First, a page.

“You don’t celebrate an event in which 621,000 people are going to die,” historian Edwin C. Bearss told an audience at the 150th anniversary of the Battle of First Manassas. “Again, we commemorate the Civil War.”
Thus the sesquicentennial commemoration of the first major battle of the Civil War took place at Manassas, Virginia, July 21–24. 2011. On Henry Hill, the pivotal location of this battle—called First Bull Run by the Union and First Manassas by the Confederates—the ceremonies commenced with remarks by Virginia governor Robert F. McDonnell and other officials. This was only the beginning of what proved to be one of the largest commemorations of a historical event in recent memory.
Three entities—the National Park Service, Prince William County and City of Manassas—organized activities and events covering a broad spectrum of the battle, the Civil War and the impact on history. More than 37,000 people came from all over the United States and other countries to see or be a part of the 150th commemoration. And while organizers, as well as the many police, emergency personnel, staff and volunteers, did a masterful job of managing crowds and traffic, they could not control the heat, which ranged at times from 115 to 120 degrees on the humidity index. Unlike the day of the battle, in which temperatures also exceeded 100 degrees, the only casualties this time were a few people affected by the heat. Most of these were quickly treated on site.
The culmination of the 150th was the reenactment of the principal actions of the July 21, 1861, battle staged twice over the weekend. Many of the 8,700 registered reenactors participated in these. There were many other wonderful things taking place during the four days, including period music, lectures, movies, demonstrations of historic lifestyles and lots of children’s activities. A commemoration of the Peace Jubilee—the 50th anniversary of the battle—was held on the site where in 1911 veterans of the battle, North and South, came together as friends and countrymen. Modern dignitaries mixed with re-created officials from 1911, including President Howard P. Taft who arrived in an antique car. Among those participating in this event were four reenactors from the 100th anniversary battle recreation.
The events were scattered among nine historic locations in Manassas and at the Manassas National Battlefield. At Camp Manassas, located at Jennie Dean Historical Site, there were displays on the Manassas Industrial School for Colored Youth, which Dean—a former slave—founded there in 1893. There was plenty of music, period baseball and savory food such as would have been prepared in the 1860s at Camp Manassas. In Old Town Manassas there were military drills, model train displays and more good food. And on Henry Hill at Manassas NBP there were weapons demonstrations, displays by state and local Civil War commemoration groups and, of course, more great food. The success enjoyed by this event should set the tone for a lively commemoration of the Civil War during the next four years.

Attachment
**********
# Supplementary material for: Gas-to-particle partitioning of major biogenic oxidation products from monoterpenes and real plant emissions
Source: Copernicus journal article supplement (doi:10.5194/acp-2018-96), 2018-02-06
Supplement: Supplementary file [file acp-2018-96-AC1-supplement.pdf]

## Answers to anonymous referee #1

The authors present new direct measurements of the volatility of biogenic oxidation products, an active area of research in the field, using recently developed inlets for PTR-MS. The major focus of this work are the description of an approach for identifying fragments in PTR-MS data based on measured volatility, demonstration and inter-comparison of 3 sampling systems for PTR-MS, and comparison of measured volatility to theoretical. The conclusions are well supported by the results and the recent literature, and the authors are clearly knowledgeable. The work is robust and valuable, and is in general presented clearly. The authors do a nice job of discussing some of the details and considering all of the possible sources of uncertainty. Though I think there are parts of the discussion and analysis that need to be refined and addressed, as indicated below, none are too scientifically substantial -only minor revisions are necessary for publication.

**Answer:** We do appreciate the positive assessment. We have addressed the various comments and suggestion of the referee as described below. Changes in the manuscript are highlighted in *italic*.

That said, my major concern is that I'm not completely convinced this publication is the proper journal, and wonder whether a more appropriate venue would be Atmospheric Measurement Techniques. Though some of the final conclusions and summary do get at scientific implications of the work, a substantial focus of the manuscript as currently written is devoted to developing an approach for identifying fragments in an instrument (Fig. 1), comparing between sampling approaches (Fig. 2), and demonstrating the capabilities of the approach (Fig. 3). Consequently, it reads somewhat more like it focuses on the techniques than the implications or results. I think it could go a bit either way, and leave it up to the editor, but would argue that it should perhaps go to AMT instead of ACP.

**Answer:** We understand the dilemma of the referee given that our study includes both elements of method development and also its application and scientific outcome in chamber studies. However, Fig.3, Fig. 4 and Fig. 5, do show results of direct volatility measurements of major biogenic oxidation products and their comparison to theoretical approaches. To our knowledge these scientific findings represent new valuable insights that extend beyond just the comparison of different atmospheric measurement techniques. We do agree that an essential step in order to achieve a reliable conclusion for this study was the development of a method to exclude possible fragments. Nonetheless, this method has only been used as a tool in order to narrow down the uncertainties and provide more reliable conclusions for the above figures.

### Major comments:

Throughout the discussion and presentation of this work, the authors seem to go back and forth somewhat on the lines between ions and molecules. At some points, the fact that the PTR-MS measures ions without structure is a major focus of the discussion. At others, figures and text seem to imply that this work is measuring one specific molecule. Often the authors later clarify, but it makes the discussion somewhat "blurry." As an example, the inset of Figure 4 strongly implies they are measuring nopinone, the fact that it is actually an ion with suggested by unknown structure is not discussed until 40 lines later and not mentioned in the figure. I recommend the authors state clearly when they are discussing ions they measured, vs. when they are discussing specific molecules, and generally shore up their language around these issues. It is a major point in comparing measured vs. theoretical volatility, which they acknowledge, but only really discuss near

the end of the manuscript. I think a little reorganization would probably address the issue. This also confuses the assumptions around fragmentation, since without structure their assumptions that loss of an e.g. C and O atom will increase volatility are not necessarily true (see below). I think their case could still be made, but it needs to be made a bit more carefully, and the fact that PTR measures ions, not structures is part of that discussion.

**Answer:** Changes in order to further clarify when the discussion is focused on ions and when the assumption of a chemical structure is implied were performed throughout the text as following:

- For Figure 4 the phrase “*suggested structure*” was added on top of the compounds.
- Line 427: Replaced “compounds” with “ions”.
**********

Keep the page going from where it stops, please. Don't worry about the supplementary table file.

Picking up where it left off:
About the Author:
Jay Wertz is the producer-director-writer of the award-winning 13-part documentary series Smithsonian’s Great Battles of the Civil War for The Learning Channel and Time-Life Video. He is also the author of The Native American Experience and The Civil War Experience 1861-1865 and co-authored Smithsonian’s Great Battles and Battlefields of the Civil War with prominent historian Edwin C. Bearss. His most recent publication is War Stories: The Pacific, Vol. I, Pearl Harbor to Guadalcanal, published by World History Group Publications.
To learn more about the First Battle of Bull Run/Manassas:
Irvin McDowell’s Best Laid Plans
The Union commander at 1st Bull Run/1st Manassas was defeated by the arrival of Confederate troops from the Shenandoah Valley—that’s the long-accepted version of events. But McDowell’s own plans for the battle show he expected to fight outnumbered.
Recently Discovered Memoir about Gen. T. J. “Stonewall” Jackson
Excerpts from a journal written by Clement Daniels Fishburne, a good friend of Jackson’s from Lexington, Virginia, include the movements of Jackson and his men to reach Manassas from the Shenandoah Valley and the fighting on Henry Hill.
More photos from the 150th anniversary of 1st Bull Run/1st Manassas, and a Civil War reenactment in Minnesota:
Reenactors came from as far south as Texas and as far north as Winnepeg, Canada, to honor Minnesota’s Civil War history.
Click this link to read more about the events of the Manassas/Bull Run anniversary.
Additional photos can be found on The Journey Through Hallowed Ground Partnership and Manassas NBP pages on Facebook.